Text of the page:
The more it stayed that way the more Draghi’s skeptics have been saying the worst is over. For all the talk and plunging bund yields, they believe Europe is hanging in reasonably well.
The danger has been the flipside of time, though. The longer it goes without growth the greater the danger of falling into recession. That’s been the bond market’s near steadfast view throughout this year. Dismiss weakness all you want, the more it hangs around the greater the likelihood there’s a worse worst case yet to be had.
Data like Markit’s composite PMI had put the track of Europe’s economy right square into this no-man’s land between growth and recession. According to IHS Markit’s estimates, the European system slowed down from January to December 2018. Since, it has been stuck near 50 (being the dividing line) but with some margin to spare above it, further fueling these divergent interpretations.
Today, however, Markit put Weidmann and Knot on notice. The group’s composite PMI fell to 50.4 in September 2019 (flash estimate), down sharply from 51.9 in August which had been consistent with that minimal growth level. It was the lowest composite reading in 75 months, more and more looking at least like levels consistent with the 2012 recession.
It’s not just manufacturing, though the manufacturing recession in Europe has “somehow” gotten even worse. The index for new orders, the most forward-looking piece, has fallen still further. As Markit’s press release notes:
The Eurozone economy came close to stalling at the end of the third quarter as demand for goods and services fell at the fastest rate in over six years.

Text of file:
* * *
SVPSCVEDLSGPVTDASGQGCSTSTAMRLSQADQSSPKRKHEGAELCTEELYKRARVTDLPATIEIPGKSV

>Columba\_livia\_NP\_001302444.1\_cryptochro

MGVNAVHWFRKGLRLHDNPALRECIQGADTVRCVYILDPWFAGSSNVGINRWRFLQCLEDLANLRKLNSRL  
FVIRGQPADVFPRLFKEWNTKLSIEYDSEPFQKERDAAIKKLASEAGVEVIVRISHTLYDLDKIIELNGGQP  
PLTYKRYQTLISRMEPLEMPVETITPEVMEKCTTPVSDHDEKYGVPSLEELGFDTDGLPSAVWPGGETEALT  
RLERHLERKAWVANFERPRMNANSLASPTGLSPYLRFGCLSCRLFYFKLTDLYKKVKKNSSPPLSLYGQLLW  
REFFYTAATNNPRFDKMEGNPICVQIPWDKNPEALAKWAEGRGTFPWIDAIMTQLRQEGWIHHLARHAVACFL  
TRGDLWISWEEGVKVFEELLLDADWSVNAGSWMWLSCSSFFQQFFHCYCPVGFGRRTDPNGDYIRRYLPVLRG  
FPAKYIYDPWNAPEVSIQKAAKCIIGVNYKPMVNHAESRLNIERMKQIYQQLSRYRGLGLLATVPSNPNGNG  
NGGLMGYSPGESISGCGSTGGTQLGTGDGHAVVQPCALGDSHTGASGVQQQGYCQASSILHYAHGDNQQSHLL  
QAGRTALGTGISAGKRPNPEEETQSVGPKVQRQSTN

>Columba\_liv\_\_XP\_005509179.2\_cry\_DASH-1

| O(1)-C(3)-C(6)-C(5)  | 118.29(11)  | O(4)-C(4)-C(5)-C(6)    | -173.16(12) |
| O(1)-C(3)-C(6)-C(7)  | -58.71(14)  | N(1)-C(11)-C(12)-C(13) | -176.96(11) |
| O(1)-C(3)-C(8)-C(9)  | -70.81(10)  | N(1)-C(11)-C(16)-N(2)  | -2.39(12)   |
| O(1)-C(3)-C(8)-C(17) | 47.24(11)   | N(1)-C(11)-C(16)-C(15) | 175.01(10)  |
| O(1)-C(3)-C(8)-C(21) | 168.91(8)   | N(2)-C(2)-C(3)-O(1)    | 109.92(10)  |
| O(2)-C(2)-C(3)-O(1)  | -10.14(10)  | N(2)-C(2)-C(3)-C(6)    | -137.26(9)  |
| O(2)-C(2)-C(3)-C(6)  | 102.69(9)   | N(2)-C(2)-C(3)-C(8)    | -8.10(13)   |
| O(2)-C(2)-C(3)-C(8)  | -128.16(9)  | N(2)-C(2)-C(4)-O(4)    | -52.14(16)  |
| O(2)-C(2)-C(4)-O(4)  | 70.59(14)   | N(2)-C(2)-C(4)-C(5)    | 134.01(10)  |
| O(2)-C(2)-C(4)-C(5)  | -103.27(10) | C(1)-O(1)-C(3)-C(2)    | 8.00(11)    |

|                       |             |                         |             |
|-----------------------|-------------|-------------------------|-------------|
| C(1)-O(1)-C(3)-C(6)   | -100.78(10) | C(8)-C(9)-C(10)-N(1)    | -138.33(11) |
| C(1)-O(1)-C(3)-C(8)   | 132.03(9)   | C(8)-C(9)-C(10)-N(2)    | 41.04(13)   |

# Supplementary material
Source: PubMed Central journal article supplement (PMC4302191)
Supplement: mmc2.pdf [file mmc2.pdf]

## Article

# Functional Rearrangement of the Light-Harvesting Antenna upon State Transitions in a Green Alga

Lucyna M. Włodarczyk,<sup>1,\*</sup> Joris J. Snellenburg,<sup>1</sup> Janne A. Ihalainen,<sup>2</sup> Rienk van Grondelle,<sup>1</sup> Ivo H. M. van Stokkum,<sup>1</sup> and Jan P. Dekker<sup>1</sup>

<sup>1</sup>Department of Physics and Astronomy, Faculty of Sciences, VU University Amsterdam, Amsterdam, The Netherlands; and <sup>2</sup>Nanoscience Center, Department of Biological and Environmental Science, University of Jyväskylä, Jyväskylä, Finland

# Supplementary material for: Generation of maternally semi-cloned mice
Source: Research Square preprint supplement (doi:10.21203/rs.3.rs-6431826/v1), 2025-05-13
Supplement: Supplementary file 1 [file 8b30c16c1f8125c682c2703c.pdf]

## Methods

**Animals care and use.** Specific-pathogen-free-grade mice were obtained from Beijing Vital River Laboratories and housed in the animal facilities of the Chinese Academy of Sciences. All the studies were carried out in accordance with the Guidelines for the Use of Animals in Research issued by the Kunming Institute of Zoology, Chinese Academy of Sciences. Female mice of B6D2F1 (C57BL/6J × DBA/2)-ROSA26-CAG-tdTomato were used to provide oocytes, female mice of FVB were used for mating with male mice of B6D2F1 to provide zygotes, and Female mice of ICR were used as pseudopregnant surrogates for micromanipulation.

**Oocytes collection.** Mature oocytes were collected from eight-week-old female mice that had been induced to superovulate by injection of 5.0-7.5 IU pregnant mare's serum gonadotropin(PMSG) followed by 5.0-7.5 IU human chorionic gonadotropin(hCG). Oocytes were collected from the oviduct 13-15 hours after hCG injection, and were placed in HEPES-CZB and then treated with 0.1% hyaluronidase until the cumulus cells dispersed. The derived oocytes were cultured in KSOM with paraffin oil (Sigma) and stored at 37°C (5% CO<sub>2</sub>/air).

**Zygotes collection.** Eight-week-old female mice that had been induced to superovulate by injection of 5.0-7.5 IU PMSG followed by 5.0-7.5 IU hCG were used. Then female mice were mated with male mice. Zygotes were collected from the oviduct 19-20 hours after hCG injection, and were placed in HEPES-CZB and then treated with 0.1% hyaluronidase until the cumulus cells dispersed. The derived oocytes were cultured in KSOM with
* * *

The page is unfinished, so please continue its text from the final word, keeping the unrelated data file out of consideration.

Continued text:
And it is Germany which is leading the renewed deceleration and decline. Markit’s composite PMI for the one country fell to 49.1 in September from 51.7 in August. That’s an 83-month low as the PMI for specifically manufacturing dropped to just 41.4 – a 123-month low.
For Europe, it’s beginning to look too much like 2012. For German industry, more like 2009. Altogether, downside risks aplenty and proliferating.
It puts Draghi’s critics on the wrong side of where they should be. You can at least understand their position, up to a certain point. QE has become easy to mock, that’s what almost four years of no success will do. But that then means if you are against it you have to say there’s no need for it because otherwise the toolkit is empty.
You can’t be a European policymaker and simultaneously admit Europe’s economy is in rough shape but also how there’s nothing the ECB can do about it. OK, you don’t like QE, then what? They have no idea what else to do. While Draghi has painted himself into the narrow corner of QE-or-bust, his critics have done even worse by boxing themselves into everything-has-to-be-awesome.
In early September, for the first time going back to last year’s landmine the bond market experienced a hiccup. Bund yields had retraced a substantial amount from record lows. A lot of it had to do with the ECB and the idea that maybe the central bank would put something together which would allow the minimal growth state to continue; for Europe to avoid full-scale recession.
The QE debacle along with recent economic data (and not just Germany) suggests neither. It may already be too late for Europe’s economy, and there’s really never been much these bungling fools can do about it.